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PATHWAYS FOR RECONCILIATION IN YEMEN

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Engagement in Shabwah, Taiz, Al-Maharah, Aden, Al-Hodeidah, Ma’rib, Sana’a, Al-Dhale’e and Hajjah

Introduction

The Pathways for Reconciliation in Yemen project* was developed under the European Institute of Peace’s Conflict Justice and Reconciliation programme. It is the largest effort in recent history and ongoing conflict to engage members of society to consider their needs, perspectives and rights in the search for lasting peace. This report covers highlights from consultations with nearly 16,000 people in nine governorates in Yemen between October 2020 and October 2021.

The process reflects a commitment that peace must be shaped by genuine participatory engagement with society beyond those actively engaging in hostilities or involved with the conflict parties. The likelihood of obtaining a legitimate and sustainable settlement significantly depends on how inclusive the process is and the extent to which it engages beyond elite voices of the powerful.

Yemen benefitted from the 2013–2014 National Dialogue Conference (NDC). While some of the ideas and conclusions it reached remain relevant, the conditions in the country are now significantly worse. Although the NDC was innovative and inspirational, its model can be improved upon to promote a more inclusive process that helps facilitate more legitimate outcomes.

The process of engagement is an essential aspect of sustainable peacebuilding. It should not be seen as a ‘soft’ option or an ornament to ‘serious’ talks with conflict parties. Sustainable peace ultimately requires a critical mass of society to buy into any settlement. To do so, they must believe it represents an improvement to the status quo, and that it is in their interest to stick with it and to withhold support from potential spoilers. The more seriously the settlement’s creation takes into account the views of the wider society, the greater the chances of conferring legitimacy and obtaining buy-in.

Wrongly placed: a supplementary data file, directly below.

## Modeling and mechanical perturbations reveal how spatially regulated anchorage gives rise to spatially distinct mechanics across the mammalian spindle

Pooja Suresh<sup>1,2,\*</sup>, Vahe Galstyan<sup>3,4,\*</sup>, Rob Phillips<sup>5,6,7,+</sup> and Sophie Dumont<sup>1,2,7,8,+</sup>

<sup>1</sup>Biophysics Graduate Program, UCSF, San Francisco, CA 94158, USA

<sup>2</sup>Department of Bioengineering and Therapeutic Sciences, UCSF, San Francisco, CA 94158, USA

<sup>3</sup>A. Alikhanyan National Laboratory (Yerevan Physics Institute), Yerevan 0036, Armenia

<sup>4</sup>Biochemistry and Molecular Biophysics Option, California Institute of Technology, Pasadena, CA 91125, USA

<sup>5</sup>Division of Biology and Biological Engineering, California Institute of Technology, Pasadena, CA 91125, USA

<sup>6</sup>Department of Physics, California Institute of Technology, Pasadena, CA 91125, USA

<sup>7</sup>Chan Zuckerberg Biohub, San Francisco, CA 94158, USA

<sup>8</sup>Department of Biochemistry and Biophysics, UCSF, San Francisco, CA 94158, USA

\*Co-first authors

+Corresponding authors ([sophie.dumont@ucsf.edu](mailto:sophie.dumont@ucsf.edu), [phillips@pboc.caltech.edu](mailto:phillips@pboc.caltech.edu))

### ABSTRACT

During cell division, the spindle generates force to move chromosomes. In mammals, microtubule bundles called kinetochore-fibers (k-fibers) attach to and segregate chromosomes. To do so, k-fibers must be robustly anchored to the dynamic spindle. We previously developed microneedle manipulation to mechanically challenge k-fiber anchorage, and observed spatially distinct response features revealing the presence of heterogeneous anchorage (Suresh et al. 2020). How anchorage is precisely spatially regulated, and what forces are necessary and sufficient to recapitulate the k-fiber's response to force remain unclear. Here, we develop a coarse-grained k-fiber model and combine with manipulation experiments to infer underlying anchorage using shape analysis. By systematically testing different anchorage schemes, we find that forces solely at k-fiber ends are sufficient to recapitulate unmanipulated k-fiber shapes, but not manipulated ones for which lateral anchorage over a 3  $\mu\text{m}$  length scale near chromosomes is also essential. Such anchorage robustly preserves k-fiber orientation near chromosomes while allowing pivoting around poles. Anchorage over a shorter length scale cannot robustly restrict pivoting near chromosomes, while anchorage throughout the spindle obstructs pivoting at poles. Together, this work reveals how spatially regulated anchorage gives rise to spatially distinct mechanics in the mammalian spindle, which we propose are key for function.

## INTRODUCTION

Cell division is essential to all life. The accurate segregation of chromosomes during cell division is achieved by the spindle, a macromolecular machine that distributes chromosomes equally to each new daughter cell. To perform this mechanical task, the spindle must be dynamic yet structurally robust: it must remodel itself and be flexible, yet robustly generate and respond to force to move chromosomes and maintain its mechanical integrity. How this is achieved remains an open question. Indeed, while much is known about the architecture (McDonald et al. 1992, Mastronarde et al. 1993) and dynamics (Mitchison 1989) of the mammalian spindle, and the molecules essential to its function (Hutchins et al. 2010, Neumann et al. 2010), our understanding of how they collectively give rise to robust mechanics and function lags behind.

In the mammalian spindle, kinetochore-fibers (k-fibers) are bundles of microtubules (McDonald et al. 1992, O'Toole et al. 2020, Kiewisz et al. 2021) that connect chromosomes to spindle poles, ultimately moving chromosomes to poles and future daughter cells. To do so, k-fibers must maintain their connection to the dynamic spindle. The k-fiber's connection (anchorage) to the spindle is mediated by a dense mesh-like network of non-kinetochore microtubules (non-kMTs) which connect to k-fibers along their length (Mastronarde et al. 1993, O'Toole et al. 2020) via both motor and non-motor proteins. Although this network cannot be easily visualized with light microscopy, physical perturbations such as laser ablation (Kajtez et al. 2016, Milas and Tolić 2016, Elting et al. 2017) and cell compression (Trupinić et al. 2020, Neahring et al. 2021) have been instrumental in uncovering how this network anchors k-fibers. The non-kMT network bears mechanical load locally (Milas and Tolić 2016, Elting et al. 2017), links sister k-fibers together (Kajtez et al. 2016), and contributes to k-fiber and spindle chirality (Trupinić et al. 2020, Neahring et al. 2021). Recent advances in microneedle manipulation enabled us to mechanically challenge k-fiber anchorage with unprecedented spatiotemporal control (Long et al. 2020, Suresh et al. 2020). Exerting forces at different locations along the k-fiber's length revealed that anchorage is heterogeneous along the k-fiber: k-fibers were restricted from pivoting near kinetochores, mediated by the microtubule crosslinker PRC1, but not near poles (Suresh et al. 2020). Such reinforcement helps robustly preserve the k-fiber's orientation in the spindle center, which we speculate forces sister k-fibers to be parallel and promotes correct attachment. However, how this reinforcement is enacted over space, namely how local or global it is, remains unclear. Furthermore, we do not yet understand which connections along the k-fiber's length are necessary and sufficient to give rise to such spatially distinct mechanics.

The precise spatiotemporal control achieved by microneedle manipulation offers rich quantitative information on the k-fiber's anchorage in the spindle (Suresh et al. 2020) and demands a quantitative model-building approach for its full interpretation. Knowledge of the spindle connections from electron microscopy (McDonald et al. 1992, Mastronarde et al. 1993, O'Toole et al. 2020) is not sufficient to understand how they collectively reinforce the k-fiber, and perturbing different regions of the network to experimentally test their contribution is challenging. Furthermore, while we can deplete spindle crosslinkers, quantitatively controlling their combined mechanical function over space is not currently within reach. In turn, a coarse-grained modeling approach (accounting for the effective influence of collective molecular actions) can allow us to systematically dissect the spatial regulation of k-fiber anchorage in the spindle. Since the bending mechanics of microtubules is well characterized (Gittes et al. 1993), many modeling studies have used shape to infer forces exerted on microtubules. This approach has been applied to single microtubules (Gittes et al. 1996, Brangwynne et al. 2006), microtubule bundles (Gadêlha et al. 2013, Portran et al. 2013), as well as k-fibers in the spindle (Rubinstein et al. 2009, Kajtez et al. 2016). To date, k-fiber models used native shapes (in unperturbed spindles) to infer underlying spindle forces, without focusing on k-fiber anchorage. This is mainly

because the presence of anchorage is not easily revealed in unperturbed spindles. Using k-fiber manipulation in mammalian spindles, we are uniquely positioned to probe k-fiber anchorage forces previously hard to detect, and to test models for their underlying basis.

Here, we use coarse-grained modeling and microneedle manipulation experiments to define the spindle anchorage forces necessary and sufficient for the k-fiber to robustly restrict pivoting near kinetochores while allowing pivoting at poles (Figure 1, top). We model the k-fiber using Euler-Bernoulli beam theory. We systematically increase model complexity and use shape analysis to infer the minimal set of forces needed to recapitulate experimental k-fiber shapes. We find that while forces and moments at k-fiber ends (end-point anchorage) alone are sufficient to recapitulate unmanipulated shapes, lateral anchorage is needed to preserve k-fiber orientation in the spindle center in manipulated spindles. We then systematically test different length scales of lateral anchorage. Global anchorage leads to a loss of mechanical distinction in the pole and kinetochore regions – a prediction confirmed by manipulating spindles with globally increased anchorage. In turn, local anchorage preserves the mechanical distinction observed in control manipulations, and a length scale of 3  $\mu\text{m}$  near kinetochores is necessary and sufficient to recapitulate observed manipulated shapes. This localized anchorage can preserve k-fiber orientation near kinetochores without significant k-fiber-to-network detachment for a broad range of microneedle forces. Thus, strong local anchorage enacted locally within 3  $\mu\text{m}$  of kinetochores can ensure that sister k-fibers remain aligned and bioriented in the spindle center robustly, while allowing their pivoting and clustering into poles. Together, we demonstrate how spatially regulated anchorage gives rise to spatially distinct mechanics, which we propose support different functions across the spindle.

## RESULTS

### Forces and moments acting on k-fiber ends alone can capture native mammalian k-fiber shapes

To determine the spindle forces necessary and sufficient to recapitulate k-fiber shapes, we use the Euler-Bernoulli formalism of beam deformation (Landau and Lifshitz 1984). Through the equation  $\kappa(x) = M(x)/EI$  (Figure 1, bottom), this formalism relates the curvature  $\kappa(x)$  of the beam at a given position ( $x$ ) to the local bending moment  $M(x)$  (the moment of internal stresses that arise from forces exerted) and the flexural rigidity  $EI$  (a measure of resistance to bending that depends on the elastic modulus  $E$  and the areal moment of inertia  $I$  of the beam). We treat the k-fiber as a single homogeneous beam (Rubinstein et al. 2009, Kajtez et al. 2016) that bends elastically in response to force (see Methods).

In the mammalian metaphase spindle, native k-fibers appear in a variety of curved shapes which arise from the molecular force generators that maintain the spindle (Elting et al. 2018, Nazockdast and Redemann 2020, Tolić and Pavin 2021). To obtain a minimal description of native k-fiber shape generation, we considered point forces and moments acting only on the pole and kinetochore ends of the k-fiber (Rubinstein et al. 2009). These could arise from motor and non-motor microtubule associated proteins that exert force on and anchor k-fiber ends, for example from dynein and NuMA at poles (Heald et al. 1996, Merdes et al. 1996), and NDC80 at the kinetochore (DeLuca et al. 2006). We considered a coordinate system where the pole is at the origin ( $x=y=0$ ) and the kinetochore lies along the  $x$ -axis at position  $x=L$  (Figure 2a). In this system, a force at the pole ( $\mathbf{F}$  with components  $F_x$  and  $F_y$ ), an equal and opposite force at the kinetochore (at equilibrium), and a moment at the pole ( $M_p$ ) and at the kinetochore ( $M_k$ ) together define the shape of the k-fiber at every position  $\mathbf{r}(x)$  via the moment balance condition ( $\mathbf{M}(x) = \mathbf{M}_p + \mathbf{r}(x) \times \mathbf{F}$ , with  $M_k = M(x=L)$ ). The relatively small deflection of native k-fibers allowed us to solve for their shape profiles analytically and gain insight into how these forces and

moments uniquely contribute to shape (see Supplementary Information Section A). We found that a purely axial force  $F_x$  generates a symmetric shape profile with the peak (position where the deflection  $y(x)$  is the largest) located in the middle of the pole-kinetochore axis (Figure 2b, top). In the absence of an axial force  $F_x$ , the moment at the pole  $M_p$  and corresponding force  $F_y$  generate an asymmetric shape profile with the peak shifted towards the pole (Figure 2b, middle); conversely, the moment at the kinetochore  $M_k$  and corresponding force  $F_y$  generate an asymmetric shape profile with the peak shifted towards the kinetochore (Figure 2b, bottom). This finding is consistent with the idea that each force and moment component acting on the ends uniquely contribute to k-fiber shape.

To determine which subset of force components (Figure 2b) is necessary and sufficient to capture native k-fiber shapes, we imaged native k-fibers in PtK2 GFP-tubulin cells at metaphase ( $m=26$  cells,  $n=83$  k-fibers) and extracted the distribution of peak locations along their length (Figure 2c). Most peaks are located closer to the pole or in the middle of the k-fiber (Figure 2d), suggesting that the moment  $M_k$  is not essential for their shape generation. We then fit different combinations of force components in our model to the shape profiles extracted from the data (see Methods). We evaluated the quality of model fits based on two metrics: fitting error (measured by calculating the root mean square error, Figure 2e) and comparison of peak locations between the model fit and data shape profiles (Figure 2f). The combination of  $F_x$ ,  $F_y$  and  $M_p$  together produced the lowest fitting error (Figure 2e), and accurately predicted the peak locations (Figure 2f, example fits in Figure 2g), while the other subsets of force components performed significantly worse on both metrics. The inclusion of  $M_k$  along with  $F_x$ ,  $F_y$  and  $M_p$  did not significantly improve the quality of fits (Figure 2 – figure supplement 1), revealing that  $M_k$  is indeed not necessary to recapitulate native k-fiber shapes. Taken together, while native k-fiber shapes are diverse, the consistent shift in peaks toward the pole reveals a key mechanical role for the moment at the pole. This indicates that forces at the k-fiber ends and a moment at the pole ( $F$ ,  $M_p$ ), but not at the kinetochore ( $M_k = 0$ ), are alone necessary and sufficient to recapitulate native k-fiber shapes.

The Pathways to Reconciliation initiative identifies the priorities and concerns of ordinary citizens. While some of the findings may not surprise, this does not limit their usefulness. Citizens’ genuine engagement in the initial steps of this process is of the utmost importance. A striking proportion of those consulted (78 per cent) did not support any political party; they consider themselves unrepresented, and with no appropriate avenues in which to express their needs and aims.


* A civil society focus group endorsed the idea of describing the process as اليمن مسارات للمصالحه فى which resonates with local values and translates well into Arabic. It translates to pathways for reconciliation in Yemen and avoids the problematic use of ‘transitional justice’, which does not translate as well and can create confusion.

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